A/D/O by MINI | Nathalie Miebach Weaves the Weather



Nathalie Miebach Weaves the Weather

This Boston-based sculptor blends meteorological data and human experience into fantastical woven creations, displaying weather events as tangled webs of color.

Basket weaving and big data may not seem like the most obvious bedfellows, and indeed it was by total chance that sculptor Nathalie Miebach was taking a weaving course back in 2002 at the same time she enrolled in astronomy classes at Harvard. “I've always been a tactile learner and have had to make something in order to understand it,” Miebach explained, “my hands are my main investigator of the world.” Thanks to an accommodating astronomy lecturer, Miebach was soon exploring quantum physics and deep space through tangles of brightly colored string, cane and beading.

Astronomy may have kicked off this unorthodox investigation of science and data, but her focus in the years since has been a little closer to home: the weather. “Every extreme weather event has at least two narratives,” she told The Journal. “The first is scientific, made up of temperature, wind and pressure gradients that generate energies to build these storms and propel them forward. The second narrative is made up of human experiences, both during and long after the storms have left.” For Miebach, our cool, clean, app-based way of representing the weather prioritizes the former but obscures the latter. In the weft and weave of her tangled sculptures, she gives shape to these messier human experiences.

In this sense, Miebach is practicing a kind of “slow data” movement in the same way that we’ve seen slow food or slow retail take off in recent years – injecting a more human scale and tempo into the process. This has even led her to develop a “grow your own” approach to gathering meteorological data, where she sets up rudimentary weather veins and data harvesting systems in her garden, cobbled together from trips to local hardware stores. “The harvesting process is a huge part of the work for me and it can take months, drawing on multiple online and offline sources,” she said. “I'm like a cat sitting at the window observing things: I don't rush out and grab data and immediately build something; I'm a hoarder.”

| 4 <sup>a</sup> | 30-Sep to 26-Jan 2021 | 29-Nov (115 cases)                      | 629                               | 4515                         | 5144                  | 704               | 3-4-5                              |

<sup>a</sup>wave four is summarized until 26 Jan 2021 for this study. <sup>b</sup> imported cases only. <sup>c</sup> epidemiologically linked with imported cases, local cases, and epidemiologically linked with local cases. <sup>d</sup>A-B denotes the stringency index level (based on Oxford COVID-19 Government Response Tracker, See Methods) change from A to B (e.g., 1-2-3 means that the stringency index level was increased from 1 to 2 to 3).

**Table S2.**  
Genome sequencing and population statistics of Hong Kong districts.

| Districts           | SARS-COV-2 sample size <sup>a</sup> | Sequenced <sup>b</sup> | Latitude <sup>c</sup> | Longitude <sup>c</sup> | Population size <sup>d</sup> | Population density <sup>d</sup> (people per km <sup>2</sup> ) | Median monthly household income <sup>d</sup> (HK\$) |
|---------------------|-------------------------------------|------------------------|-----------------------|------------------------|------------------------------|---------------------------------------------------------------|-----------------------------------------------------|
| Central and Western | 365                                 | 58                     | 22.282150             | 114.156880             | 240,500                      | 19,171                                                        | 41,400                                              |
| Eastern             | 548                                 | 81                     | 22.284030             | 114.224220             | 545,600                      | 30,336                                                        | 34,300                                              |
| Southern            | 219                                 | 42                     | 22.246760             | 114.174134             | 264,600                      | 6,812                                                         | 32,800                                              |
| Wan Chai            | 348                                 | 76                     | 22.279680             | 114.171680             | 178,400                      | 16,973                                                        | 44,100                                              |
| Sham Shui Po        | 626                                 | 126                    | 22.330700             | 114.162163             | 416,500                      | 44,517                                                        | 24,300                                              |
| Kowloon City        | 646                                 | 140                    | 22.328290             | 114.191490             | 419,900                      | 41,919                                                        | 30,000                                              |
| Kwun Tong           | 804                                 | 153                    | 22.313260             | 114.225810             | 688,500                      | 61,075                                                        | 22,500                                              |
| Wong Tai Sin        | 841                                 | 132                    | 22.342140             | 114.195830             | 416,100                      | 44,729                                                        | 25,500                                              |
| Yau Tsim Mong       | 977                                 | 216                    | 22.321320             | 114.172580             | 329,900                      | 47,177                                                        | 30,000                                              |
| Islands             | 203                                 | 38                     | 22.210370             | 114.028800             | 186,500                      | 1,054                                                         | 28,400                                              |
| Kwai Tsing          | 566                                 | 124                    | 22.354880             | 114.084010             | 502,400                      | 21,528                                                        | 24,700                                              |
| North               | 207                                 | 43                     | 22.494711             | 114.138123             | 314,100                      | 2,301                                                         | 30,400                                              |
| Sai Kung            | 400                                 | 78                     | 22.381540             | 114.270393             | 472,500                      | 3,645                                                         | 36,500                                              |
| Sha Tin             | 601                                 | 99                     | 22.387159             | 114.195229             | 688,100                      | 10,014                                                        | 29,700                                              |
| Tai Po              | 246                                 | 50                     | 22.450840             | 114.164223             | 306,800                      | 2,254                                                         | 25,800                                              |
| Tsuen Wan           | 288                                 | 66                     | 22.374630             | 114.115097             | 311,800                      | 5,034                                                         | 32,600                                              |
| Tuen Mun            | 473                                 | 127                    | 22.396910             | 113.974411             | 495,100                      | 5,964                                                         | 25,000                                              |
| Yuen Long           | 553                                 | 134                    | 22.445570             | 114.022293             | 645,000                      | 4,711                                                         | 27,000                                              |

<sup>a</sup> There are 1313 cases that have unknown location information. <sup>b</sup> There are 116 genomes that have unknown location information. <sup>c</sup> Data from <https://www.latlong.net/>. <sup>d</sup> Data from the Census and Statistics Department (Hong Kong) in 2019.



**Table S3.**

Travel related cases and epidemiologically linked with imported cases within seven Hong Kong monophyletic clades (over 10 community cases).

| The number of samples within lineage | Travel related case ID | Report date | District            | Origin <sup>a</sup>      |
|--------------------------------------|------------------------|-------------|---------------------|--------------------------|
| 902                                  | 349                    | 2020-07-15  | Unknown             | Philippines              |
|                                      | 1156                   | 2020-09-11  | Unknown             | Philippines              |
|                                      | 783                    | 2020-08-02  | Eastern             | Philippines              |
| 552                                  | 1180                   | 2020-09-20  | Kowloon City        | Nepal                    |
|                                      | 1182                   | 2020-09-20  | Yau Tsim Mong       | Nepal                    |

Beginning to understand climate change is a painfully slow process which has taken decades of monitoring and research, but even slower is changing our human relationship to ecology, not least in the US where Miebach predominantly exhibits and where some galleries have refused to display any reference to the subject.

“I think our reaction to the weather is increasingly absurd, but I want to make it clear that I'm not passing judgement here,” she said. “I'm just recognizing that we don't really know how to react to fast-changing environments. Humans are not the rational beings that we tend to think of ourselves as: we’re deeply emotional and irrational about the stuff that matters most to us. As the weather has become so politicized in recent years, my sculptures have increasingly become about creating spaces where people can talk about that too.”

This focus on creating experiences where people can engage with complex ideas has been heightened by Miebach introducing music into her work, creating original scores based on reams of weather-related data. “My sculpture is very much about storytelling, and music allows me to expand how I tell these stories,” Miebach said. “I love collaborating with musicians and bringing different expertise into the process. Musical scores allow me to add another dimension to the sculptures and to approach the gallery as a performance space.”

Since starting the Weather Score Project back in 2009, this fertile source of collaboration has led to 12 new commissions and 13 concerts. A recent show in 2019 saw New York musical collective ETHEL play an original score based on data and Twitter SOS messages gathered from Hurricane Harvey and the subsequent floods in Houston.

Weaving may be Miebach’s craft medium, but there’s a more metaphorical weaving going on here too: between science and craft; politics and nature; tragedy and hope, data and experience; sight and sound. “I like moving back and forth, so the research phase never really ends and the sculpture stage never really begins,” explained Miebach of her weaver mindset, “I also want musicians and audience to add their own experiences to the pieces so they become one giant collaboration.” These tangled webs of meaning may be a world away from the neatness of digital representation that we’re used to with big data, but their messiness presents an alternative take on the complexity of climate change.

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